I looked more like them than I looked like Miguel. My family is made up of Mexican-born European and American immigrants. When I was little, I asked my dad why we couldn’t go back to Mexico to visit my dying grandfather. “If we go, we might not be able to come back. You were born in Mexico, but don’t tell people that. Tell them you were born in L.A.,” my dad and his blue eyes told me. He’d try to hide our identity in public, but as a homeschooled kid, he’d often teach me in Spanish. I had no idea then how much my white skin, last name and accent would shelter me until much later.

Miguel kept drawing, his eyes fixated on the thick, white paper that needed the stories from his imagination. His drawings reminded me to look further within my creative self and to be present. He sipped his NesCafé as he did every night to go to sleep, and I took a dramamine pill I’d saved from my Peace Corps service. It would make me less motion sick, but I don’t really get motion sick. I just wanted to numb everything and deny the fascist takeover at “home.”

As our bus pulled in, I read a friend’s Facebook status: “At least California did it’s fucking job.” I hoped other States would do their fucking jobs too, but all I could do was recline my seat and wait for my panic to subside.

At 6 a.m., my anxiety and the city of Mérida greeted me as we rolled in on the carretera. “I think Trump won,” said Miguel, “I haven’t checked but I have friends telling me that whatever happens, they’ve got my back.”

You see, Miguel and I were both undocumented immigrants. The only difference between our status was that at age 21, after living in the U.S. for eighteen years, I became a citizen. Miguel, though, moved to Chicago at age twelve, and over a decade later, despite lacking U.S. citizenship, he returned to Mexico with an Advanced Parole travel document under the Deferred Action for Childhood Arrivals (DACA).

Miguel planned to return to the states the day before Trump would be sworn into office as the 45th president. I felt petrified. Not for myself, but for Miguel and all of my friends of color whose fear I will never feel at the thought of what Trump might do. I still don’t think he’ll build a wall, but what would he do? Hopefully he’d be too distracted by learning about checks and balances and adjusting to life in a house that’s not named after him to worry about Miguel.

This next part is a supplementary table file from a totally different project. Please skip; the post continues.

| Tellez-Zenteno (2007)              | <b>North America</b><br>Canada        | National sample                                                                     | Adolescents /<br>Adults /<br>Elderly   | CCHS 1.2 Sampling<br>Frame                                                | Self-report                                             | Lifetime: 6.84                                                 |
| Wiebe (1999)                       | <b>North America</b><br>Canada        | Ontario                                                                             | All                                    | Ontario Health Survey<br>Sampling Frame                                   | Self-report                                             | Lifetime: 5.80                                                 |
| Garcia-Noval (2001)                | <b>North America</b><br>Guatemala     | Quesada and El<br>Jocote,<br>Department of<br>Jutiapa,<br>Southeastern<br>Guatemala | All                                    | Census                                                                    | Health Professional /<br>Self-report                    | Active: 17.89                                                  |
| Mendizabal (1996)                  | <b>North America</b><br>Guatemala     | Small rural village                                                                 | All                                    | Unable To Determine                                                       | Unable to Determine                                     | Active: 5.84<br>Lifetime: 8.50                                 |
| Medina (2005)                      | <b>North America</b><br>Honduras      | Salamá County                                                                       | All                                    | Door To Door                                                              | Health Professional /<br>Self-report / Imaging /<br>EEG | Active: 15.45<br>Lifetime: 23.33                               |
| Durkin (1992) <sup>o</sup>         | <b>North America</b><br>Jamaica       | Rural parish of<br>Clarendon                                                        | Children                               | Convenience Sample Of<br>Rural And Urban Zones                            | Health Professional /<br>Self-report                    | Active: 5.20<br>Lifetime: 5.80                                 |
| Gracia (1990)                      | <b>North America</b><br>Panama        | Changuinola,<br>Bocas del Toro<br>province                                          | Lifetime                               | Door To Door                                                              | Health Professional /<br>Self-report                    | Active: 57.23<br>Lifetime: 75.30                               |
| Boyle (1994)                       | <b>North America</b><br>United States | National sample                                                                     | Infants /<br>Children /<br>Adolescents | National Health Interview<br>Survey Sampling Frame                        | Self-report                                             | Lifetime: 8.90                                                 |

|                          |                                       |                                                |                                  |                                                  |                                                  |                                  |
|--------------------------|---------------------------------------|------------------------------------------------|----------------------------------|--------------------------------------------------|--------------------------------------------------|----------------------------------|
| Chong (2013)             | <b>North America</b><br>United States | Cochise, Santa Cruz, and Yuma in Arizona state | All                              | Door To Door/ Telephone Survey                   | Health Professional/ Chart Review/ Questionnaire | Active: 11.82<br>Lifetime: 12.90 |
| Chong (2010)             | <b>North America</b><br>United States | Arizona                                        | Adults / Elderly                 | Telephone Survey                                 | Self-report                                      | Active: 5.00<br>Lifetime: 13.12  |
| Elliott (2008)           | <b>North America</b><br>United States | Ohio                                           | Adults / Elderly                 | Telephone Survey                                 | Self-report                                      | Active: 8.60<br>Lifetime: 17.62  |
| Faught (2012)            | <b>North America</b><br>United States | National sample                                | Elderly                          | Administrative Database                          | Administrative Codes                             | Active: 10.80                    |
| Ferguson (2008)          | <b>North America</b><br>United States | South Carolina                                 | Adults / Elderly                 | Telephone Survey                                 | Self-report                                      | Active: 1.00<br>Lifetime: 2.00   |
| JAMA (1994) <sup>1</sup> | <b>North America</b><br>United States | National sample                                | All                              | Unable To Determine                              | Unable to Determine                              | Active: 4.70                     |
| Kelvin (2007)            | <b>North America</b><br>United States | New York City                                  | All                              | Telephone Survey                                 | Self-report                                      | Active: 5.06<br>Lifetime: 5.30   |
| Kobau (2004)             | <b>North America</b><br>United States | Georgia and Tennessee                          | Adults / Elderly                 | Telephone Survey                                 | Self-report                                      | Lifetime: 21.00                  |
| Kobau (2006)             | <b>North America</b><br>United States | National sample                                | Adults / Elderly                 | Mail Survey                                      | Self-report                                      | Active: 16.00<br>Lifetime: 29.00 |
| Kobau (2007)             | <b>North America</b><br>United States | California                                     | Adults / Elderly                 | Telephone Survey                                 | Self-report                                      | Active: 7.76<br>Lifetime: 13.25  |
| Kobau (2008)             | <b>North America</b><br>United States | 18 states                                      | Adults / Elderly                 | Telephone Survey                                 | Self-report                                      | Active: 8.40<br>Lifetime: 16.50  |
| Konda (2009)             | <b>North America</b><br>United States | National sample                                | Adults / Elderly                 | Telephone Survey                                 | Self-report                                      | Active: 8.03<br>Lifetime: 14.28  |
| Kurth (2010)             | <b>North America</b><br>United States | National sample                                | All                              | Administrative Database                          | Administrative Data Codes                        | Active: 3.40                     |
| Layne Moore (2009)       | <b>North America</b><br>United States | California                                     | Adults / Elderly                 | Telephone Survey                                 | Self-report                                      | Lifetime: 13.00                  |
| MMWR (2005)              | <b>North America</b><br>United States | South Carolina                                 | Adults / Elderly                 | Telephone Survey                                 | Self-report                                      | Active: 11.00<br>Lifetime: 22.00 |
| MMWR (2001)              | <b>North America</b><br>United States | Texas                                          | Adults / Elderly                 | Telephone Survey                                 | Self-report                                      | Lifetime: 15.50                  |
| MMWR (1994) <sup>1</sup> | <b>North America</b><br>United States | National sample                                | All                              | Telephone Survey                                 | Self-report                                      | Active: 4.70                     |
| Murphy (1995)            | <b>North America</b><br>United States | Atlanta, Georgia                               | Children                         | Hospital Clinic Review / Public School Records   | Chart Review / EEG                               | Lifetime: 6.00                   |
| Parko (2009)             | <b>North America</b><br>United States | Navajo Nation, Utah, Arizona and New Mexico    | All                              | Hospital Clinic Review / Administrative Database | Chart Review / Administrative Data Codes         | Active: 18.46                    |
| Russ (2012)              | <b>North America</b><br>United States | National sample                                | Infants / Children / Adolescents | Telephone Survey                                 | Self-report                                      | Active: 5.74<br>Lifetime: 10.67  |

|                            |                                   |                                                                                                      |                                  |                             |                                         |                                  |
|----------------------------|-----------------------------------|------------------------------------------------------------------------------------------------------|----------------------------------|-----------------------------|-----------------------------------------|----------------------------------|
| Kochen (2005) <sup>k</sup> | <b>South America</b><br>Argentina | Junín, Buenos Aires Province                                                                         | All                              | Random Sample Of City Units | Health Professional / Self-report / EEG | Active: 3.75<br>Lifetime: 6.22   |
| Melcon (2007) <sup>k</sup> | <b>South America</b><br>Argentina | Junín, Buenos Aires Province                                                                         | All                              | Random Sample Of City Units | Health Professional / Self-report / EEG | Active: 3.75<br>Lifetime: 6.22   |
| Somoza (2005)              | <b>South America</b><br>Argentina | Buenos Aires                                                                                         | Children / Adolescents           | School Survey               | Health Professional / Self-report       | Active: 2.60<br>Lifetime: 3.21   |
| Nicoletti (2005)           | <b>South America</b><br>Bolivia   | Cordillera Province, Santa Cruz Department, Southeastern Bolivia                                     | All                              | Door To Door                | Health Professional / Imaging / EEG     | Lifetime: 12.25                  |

We pulled into the bus station, stretched our legs, and sat down to stare at our phones in disbelief. The U.S. had just elected a tweeting fascist who brags about sexually assaulting women and who called Mexicans “rapists.” It was as if Moses Lake, my conservative hometown in Washington State, invaded America to spite those of us existing outside of the white heteropatriarchy for eight years under a black president. Those confederate flags waving from my high school classmates’ trucks were a testament to many white people’s fear of becoming outnumbered in a land that was never theirs to begin with.

Physically and emotionally exhausted, we checked into our hostel in Mérida. The staff asked us if we were friends because they offered for us to stay in a private room as opposed to the dorm beds we’d booked. As a lesbian who is used to traveling alone, this was a new situation for me. We jokingly called each other “babe” because everyone assumed we were together. If they only knew that I hadn’t dated a boy in over ten years.

Miguel and I stumbled into our room, exhausted, blasting the air conditioning to combat the intense humidity that made our clothes cling to our sweaty skin. Out the window, people crossed the Cathedral’s plaza and went about their days as usual. I just stared out at them, imagining them wondering “Does anyone else see what’s going on?!” There they were, calm on the outside, but I wondered if they screamed on the inside. Not just here, but in all the streets in every city.

Near the end of our journey together, Miguel and I spent a few nights in Tulum, Cancun’s sleepy neighbor. Nighttime crept up on us, and Miguel wanted to go for a bike ride. “Isn’t that dangerous? What if we hit something we don’t see?” I asked. “Don’t worry about it. Nothing’s going to happen.”

So, we rode into the beachside road past the Mayan pyramids which were dozing off in The Caribbean’s salty humidity. It was surreal to feel the cool air brushing against my once sweaty skin as we floated by.

The hum of our pedals broke the stillness, and we sang along to Manu Chao’s Clandestino:

Soy una raya en el mar,

Fantasma en la ciudad,

Mi vida va prohibida,

Dice la autoridad.

I couldn’t help but feel afraid for Miguel’s future as we sang along. After he left Tulum, I went swimming under the stars and the orange supermoon.

The moon’s light reflected on the white sand, but not onto the shaded road back to my hostel. I got on my bike anyway, because there was no point to worry. Then, a sparkle in a tree to my right. Another to my left. Hundreds of sparkles.

Fireflies illuminated my path, and they, like Miguel, reminded me not to fear riding into the darkness.